These haunted places in the Philippines might shake things up—literally
There’s something about Halloween that gives us a little more courage to face the scary, creepy and daunting things in life. Maybe it’s a little thrill we allow ourselves just once a year, or maybe it’s the energy we get from everyone else preparing their homes, costumes and faces. Who knows?
Whatever the reason, we dare you to push it just a little more this year. After the Pennywise and Joker costumes are put back in your closet, go on a drive this long weekend for another kind of adventure. After all, what better way is there to embrace the Halloween spirit than visiting some of the haunted places in the Philippines? Sometimes we forget just how much tragic history our country has—and how much tragedy refuses to leave.
Baker Hall, University of the Philippines Los Baños, Laguna
Underneath UP Los Baños’ Baker Hall is a tunnel that acted as a passageway for prisoners of war. Meanwhile, the building itself, occupied by the Japanese, was an internment camp for these Americans and allied POWs. Supposedly, the ghosts of garroted prisoners appear all the time.
Balete Drive, Quezon City
You know this place; the name is enough to give you chills—but let us tell you the story anyway. A little narrative always adds to the rising fear, doesn’t it?
Named after the rows of balete trees that line it, Balete Drive is something straight out of a horror flick. For one thing, baletes are known to be the homes of paranormal beings. Second, the stories of people brave enough to drive along it in the middle of the night are enough for the faint-hearted to take the longer way to their destination.
More often than not, the stories are about a bloody and faceless white lady that is said to haunt the roads. You’re just driving down the road but then you look at your rearview mirror and she’s sitting in the backseat. Rumor has it that she was raped and killed on Balete Drive. So is she seeking vengeance? Seeking out her tormentors? Whatever her reason, motorists are well advised not to pass once the sun sets or to have a car full of people or to never—never—look at the rear view mirror.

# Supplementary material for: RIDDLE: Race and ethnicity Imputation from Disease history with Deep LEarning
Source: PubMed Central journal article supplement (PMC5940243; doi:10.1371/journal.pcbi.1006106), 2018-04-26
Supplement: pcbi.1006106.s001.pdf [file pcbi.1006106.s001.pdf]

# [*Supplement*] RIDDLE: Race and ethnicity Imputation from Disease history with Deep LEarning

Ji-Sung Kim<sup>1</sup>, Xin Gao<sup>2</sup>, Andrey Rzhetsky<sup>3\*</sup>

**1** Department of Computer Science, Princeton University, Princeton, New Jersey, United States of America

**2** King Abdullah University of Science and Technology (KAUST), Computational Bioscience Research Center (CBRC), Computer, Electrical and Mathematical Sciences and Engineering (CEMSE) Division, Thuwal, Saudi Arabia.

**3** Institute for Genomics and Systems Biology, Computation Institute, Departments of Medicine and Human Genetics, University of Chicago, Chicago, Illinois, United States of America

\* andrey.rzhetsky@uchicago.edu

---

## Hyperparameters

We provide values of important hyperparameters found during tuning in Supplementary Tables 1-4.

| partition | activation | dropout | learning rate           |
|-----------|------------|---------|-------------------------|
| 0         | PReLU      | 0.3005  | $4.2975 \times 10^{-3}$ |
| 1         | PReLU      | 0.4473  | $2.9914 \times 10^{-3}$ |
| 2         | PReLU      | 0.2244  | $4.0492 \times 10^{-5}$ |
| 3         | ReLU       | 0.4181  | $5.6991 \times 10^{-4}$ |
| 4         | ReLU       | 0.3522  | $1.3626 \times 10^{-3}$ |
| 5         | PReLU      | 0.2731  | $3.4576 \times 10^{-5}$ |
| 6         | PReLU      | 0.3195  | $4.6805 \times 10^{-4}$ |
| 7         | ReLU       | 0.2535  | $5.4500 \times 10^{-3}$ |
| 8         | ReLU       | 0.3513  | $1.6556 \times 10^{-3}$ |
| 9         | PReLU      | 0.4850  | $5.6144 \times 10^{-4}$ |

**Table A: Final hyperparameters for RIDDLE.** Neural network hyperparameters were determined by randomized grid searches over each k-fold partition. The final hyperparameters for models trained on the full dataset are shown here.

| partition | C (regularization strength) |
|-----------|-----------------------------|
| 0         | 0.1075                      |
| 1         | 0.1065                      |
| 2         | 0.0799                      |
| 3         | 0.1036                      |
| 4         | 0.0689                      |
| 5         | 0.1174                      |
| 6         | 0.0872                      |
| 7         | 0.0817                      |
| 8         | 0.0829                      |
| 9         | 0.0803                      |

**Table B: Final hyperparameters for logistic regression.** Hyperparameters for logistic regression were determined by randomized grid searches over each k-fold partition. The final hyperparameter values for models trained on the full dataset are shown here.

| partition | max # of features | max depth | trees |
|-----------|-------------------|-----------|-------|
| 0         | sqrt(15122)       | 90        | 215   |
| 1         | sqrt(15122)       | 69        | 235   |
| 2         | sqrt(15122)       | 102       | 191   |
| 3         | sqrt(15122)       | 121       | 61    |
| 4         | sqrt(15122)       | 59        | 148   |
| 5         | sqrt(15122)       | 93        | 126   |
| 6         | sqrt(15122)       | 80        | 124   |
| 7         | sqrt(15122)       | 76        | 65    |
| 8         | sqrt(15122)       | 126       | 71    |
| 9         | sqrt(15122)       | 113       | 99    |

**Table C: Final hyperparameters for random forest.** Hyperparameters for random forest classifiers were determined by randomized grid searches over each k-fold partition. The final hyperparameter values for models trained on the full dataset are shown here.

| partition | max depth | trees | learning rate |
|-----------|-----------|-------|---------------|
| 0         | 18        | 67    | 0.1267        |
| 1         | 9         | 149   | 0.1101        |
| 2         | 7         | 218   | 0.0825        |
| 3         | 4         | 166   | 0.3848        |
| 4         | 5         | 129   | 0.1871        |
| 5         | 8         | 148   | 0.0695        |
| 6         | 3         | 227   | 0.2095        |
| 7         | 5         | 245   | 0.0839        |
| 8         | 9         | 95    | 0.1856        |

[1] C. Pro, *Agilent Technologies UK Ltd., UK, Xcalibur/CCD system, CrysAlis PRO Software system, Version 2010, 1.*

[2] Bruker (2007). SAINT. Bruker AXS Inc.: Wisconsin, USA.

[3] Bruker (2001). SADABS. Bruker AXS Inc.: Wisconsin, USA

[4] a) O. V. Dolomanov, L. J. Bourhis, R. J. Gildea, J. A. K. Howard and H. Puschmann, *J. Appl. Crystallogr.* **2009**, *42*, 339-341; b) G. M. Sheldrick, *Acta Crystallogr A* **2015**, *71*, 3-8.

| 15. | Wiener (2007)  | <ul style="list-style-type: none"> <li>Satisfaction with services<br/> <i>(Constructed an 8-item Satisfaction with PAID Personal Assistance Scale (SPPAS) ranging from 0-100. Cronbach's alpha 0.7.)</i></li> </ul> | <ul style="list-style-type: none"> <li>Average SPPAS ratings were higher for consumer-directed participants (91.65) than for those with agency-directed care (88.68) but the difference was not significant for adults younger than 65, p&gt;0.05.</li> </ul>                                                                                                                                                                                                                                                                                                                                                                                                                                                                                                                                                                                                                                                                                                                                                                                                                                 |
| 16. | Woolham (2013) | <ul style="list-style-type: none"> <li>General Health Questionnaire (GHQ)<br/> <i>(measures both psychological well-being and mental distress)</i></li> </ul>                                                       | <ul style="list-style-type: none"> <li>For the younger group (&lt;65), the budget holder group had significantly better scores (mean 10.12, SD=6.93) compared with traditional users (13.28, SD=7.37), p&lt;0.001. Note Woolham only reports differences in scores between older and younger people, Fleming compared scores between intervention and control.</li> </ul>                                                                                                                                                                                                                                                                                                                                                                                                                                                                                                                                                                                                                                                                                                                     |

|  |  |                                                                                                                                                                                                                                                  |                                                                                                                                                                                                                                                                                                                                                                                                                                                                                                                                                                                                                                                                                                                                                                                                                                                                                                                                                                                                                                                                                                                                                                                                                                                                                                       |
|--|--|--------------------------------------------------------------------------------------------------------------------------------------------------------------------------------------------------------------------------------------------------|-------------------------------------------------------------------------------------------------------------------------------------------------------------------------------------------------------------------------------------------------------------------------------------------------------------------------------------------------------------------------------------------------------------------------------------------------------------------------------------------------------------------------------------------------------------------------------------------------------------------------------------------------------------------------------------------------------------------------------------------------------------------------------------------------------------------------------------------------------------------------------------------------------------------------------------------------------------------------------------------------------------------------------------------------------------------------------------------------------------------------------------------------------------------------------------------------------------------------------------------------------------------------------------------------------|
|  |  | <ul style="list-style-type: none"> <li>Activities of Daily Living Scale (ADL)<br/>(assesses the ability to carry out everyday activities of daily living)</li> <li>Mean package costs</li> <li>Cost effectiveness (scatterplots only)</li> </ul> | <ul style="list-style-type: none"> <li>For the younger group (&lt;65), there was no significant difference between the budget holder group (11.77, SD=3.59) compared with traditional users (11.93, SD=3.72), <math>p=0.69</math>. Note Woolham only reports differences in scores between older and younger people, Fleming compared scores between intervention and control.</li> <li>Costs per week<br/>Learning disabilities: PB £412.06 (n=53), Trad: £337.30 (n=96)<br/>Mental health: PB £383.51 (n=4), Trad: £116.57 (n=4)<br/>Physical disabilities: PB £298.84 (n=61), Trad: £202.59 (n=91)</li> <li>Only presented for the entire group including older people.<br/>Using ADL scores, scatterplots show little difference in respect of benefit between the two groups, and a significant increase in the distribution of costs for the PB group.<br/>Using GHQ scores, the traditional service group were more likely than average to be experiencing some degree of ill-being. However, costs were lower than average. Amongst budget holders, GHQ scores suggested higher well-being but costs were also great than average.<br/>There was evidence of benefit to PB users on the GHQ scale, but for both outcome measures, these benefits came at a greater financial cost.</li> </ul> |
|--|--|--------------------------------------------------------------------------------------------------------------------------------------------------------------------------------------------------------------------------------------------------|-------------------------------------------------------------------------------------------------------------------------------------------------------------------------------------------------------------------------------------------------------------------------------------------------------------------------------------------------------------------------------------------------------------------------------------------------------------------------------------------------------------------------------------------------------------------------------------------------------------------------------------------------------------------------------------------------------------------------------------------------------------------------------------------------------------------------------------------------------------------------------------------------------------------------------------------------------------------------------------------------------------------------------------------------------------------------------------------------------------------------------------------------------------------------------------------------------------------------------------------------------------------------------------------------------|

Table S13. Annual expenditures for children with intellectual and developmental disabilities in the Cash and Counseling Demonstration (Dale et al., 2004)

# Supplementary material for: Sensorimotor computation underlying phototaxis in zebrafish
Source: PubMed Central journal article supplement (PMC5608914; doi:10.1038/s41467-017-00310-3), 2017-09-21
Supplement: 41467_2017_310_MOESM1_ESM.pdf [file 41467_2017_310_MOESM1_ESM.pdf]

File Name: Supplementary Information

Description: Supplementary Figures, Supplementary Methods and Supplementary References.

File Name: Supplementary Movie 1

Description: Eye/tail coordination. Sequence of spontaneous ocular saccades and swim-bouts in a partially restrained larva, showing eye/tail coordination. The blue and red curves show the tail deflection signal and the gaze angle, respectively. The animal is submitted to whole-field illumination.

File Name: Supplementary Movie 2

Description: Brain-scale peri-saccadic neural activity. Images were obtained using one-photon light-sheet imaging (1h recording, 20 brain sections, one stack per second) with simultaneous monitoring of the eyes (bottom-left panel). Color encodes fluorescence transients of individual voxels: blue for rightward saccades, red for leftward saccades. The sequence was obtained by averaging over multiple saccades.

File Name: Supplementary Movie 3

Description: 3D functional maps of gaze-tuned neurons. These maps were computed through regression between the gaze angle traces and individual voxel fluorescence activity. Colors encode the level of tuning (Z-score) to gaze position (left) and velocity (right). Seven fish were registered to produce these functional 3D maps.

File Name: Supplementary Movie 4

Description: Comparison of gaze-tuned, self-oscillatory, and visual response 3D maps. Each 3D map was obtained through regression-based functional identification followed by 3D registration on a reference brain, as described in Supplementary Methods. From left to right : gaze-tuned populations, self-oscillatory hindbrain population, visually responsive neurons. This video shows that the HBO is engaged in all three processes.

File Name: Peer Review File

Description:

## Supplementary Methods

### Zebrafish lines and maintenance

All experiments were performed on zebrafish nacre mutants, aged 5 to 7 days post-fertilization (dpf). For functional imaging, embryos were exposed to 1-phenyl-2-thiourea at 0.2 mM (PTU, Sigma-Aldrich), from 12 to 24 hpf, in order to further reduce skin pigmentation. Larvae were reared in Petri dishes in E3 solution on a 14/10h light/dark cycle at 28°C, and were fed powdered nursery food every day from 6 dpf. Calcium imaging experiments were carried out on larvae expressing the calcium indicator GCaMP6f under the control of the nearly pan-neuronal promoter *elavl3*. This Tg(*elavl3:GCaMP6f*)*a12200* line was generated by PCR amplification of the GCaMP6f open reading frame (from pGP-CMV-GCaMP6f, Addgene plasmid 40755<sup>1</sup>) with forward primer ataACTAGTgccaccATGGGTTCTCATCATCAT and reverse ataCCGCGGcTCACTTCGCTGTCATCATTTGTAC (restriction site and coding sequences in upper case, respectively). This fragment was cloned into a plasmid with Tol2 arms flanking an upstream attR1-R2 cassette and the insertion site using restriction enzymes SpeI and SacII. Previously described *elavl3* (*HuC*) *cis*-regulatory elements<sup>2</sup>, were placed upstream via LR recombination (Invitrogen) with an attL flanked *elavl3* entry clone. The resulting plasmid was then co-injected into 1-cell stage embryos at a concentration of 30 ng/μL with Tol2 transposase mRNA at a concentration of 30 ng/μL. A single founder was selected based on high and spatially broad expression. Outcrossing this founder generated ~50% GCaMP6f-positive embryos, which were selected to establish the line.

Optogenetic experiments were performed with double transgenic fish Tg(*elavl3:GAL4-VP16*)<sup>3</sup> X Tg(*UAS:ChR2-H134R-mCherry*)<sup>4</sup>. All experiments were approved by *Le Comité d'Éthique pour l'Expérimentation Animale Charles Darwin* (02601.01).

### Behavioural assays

Capitol Medical Center, Quezon City
Hospitals generally give us the creeps as is, but the Capitol Medical Center in Quezon City gives an entirely different chilling experience. All those in the know are careful not to use one particular elevator, where doctors say an orderly died. The orderly was apparently speaking to someone while getting on it and didn’t notice that there was no elevator cabin—and plunged to their death.
So what happens when someone does use it? Kevin Sandiego once went on the record to say that he and his family once used the elevator, intending to get off the second floor. But when they got it, the elevator stopped at the basement, where a man got off. The Sandiegos followed the man, thinking he knew the way out. When the man turned left, so did the family. And it would have been fine, except the turn lead straight into a wall and the man they followed was nowhere to be found.
Clark Air Base Hospital, Pampanga
The Clark Air Base was once a place of refuge and solace for American soldiers during the war—but it also bore witness to countless deaths and a seemingly never-ending violence. This hospital was once featured in National Geographic’s I Wouldn’t Go There, where the ghost hunters called it one of the most haunted places in the world. Apparently, the souls that still reside the Clark Air Base Hospital aren’t the mellow kind; they throw objects at unwelcome visitors.